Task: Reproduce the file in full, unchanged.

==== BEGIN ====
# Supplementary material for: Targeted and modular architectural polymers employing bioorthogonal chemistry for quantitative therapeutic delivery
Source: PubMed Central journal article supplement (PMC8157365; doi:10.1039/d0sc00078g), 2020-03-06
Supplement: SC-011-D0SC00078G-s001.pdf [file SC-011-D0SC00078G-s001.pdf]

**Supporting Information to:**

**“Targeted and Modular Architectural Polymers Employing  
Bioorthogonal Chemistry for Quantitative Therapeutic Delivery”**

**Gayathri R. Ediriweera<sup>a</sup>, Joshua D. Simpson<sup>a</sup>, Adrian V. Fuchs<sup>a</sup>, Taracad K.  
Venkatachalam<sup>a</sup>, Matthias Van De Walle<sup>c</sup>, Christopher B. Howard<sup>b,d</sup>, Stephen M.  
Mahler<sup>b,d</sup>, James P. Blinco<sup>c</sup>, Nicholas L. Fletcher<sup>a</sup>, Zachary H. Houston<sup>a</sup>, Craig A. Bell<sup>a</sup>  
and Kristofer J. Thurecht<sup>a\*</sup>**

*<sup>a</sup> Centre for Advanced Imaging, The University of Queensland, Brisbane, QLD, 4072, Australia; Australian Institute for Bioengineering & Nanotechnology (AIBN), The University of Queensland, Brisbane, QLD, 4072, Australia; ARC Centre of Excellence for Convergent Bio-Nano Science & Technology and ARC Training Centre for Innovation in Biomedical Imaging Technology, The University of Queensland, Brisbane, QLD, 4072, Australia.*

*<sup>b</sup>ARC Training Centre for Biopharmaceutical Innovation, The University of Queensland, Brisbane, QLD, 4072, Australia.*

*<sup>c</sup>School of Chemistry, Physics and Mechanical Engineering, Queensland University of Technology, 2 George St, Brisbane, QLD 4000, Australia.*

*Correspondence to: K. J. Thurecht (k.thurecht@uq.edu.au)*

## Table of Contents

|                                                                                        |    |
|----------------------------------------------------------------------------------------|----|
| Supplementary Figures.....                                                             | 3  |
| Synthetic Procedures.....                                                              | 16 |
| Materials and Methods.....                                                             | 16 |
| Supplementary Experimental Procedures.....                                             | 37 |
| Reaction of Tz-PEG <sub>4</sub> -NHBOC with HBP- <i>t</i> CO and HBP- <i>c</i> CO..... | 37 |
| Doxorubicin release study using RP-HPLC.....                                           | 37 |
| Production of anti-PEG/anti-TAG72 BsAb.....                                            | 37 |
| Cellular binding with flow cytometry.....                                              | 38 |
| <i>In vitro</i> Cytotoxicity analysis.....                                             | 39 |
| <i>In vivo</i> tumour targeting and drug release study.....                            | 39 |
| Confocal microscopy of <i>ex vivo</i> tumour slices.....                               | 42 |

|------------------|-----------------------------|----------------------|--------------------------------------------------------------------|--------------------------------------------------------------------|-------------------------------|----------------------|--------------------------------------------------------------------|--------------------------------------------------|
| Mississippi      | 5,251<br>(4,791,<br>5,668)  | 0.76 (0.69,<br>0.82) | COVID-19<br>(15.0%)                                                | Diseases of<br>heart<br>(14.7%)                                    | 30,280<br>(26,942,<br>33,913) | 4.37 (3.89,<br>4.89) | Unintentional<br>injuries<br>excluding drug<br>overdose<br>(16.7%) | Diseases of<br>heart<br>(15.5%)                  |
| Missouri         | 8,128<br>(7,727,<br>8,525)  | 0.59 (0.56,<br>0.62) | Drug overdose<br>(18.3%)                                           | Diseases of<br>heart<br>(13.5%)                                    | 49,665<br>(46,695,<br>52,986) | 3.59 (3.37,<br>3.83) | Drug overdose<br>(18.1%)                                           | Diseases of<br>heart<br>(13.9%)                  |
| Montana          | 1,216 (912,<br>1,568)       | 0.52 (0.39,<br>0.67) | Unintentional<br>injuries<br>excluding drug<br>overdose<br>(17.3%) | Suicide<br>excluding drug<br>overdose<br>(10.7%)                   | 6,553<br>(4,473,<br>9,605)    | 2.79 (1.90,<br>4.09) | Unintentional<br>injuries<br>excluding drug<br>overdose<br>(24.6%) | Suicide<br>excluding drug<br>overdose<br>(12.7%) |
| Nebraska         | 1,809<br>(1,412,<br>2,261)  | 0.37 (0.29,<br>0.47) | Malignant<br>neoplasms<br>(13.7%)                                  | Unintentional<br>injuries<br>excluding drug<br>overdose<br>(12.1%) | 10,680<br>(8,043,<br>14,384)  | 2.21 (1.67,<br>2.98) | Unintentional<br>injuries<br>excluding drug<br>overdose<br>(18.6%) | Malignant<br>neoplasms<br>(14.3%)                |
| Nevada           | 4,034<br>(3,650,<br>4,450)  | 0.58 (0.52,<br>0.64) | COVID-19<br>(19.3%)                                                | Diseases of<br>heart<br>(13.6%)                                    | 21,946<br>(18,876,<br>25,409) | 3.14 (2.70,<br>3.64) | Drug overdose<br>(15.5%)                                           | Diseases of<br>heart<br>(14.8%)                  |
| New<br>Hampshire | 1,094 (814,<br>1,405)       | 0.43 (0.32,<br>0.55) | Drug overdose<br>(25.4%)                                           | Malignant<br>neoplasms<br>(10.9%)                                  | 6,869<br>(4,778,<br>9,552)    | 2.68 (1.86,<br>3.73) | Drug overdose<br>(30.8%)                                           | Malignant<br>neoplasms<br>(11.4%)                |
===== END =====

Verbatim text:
# Supplementary material for: Targeted and modular architectural polymers employing bioorthogonal chemistry for quantitative therapeutic delivery
Source: PubMed Central journal article supplement (PMC8157365; doi:10.1039/d0sc00078g), 2020-03-06
Supplement: SC-011-D0SC00078G-s001.pdf [file SC-011-D0SC00078G-s001.pdf]

**Supporting Information to:**

**“Targeted and Modular Architectural Polymers Employing  
Bioorthogonal Chemistry for Quantitative Therapeutic Delivery”**

**Gayathri R. Ediriweera<sup>a</sup>, Joshua D. Simpson<sup>a</sup>, Adrian V. Fuchs<sup>a</sup>, Taracad K.  
Venkatachalam<sup>a</sup>, Matthias Van De Walle<sup>c</sup>, Christopher B. Howard<sup>b,d</sup>, Stephen M.  
Mahler<sup>b,d</sup>, James P. Blinco<sup>c</sup>, Nicholas L. Fletcher<sup>a</sup>, Zachary H. Houston<sup>a</sup>, Craig A. Bell<sup>a</sup>  
and Kristofer J. Thurecht<sup>a\*</sup>**

*<sup>a</sup> Centre for Advanced Imaging, The University of Queensland, Brisbane, QLD, 4072, Australia; Australian Institute for Bioengineering & Nanotechnology (AIBN), The University of Queensland, Brisbane, QLD, 4072, Australia; ARC Centre of Excellence for Convergent Bio-Nano Science & Technology and ARC Training Centre for Innovation in Biomedical Imaging Technology, The University of Queensland, Brisbane, QLD, 4072, Australia.*

*<sup>b</sup>ARC Training Centre for Biopharmaceutical Innovation, The University of Queensland, Brisbane, QLD, 4072, Australia.*

*<sup>c</sup>School of Chemistry, Physics and Mechanical Engineering, Queensland University of Technology, 2 George St, Brisbane, QLD 4000, Australia.*

*Correspondence to: K. J. Thurecht (k.thurecht@uq.edu.au)*

## Table of Contents

|                                                                                        |    |
|----------------------------------------------------------------------------------------|----|
| Supplementary Figures.....                                                             | 3  |
| Synthetic Procedures.....                                                              | 16 |
| Materials and Methods.....                                                             | 16 |
| Supplementary Experimental Procedures.....                                             | 37 |
| Reaction of Tz-PEG <sub>4</sub> -NHBOC with HBP- <i>t</i> CO and HBP- <i>c</i> CO..... | 37 |
| Doxorubicin release study using RP-HPLC.....                                           | 37 |
| Production of anti-PEG/anti-TAG72 BsAb.....                                            | 37 |
| Cellular binding with flow cytometry.....                                              | 38 |
| <i>In vitro</i> Cytotoxicity analysis.....                                             | 39 |
| <i>In vivo</i> tumour targeting and drug release study.....                            | 39 |
| Confocal microscopy of <i>ex vivo</i> tumour slices.....                               | 42 |

|------------------|-----------------------------|----------------------|--------------------------------------------------------------------|--------------------------------------------------------------------|-------------------------------|----------------------|--------------------------------------------------------------------|--------------------------------------------------|
| Mississippi      | 5,251<br>(4,791,<br>5,668)  | 0.76 (0.69,<br>0.82) | COVID-19<br>(15.0%)                                                | Diseases of<br>heart<br>(14.7%)                                    | 30,280<br>(26,942,<br>33,913) | 4.37 (3.89,<br>4.89) | Unintentional<br>injuries<br>excluding drug<br>overdose<br>(16.7%) | Diseases of<br>heart<br>(15.5%)                  |
| Missouri         | 8,128<br>(7,727,<br>8,525)  | 0.59 (0.56,<br>0.62) | Drug overdose<br>(18.3%)                                           | Diseases of<br>heart<br>(13.5%)                                    | 49,665<br>(46,695,<br>52,986) | 3.59 (3.37,<br>3.83) | Drug overdose<br>(18.1%)                                           | Diseases of<br>heart<br>(13.9%)                  |
| Montana          | 1,216 (912,<br>1,568)       | 0.52 (0.39,<br>0.67) | Unintentional<br>injuries<br>excluding drug<br>overdose<br>(17.3%) | Suicide<br>excluding drug<br>overdose<br>(10.7%)                   | 6,553<br>(4,473,<br>9,605)    | 2.79 (1.90,<br>4.09) | Unintentional<br>injuries<br>excluding drug<br>overdose<br>(24.6%) | Suicide<br>excluding drug<br>overdose<br>(12.7%) |
| Nebraska         | 1,809<br>(1,412,<br>2,261)  | 0.37 (0.29,<br>0.47) | Malignant<br>neoplasms<br>(13.7%)                                  | Unintentional<br>injuries<br>excluding drug<br>overdose<br>(12.1%) | 10,680<br>(8,043,<br>14,384)  | 2.21 (1.67,<br>2.98) | Unintentional<br>injuries<br>excluding drug<br>overdose<br>(18.6%) | Malignant<br>neoplasms<br>(14.3%)                |
| Nevada           | 4,034<br>(3,650,<br>4,450)  | 0.58 (0.52,<br>0.64) | COVID-19<br>(19.3%)                                                | Diseases of<br>heart<br>(13.6%)                                    | 21,946<br>(18,876,<br>25,409) | 3.14 (2.70,<br>3.64) | Drug overdose<br>(15.5%)                                           | Diseases of<br>heart<br>(14.8%)                  |
| New<br>Hampshire | 1,094 (814,<br>1,405)       | 0.43 (0.32,<br>0.55) | Drug overdose<br>(25.4%)                                           | Malignant<br>neoplasms<br>(10.9%)                                  | 6,869<br>(4,778,<br>9,552)    | 2.68 (1.86,<br>3.73) | Drug overdose<br>(30.8%)                                           | Malignant<br>neoplasms<br>(11.4%)                |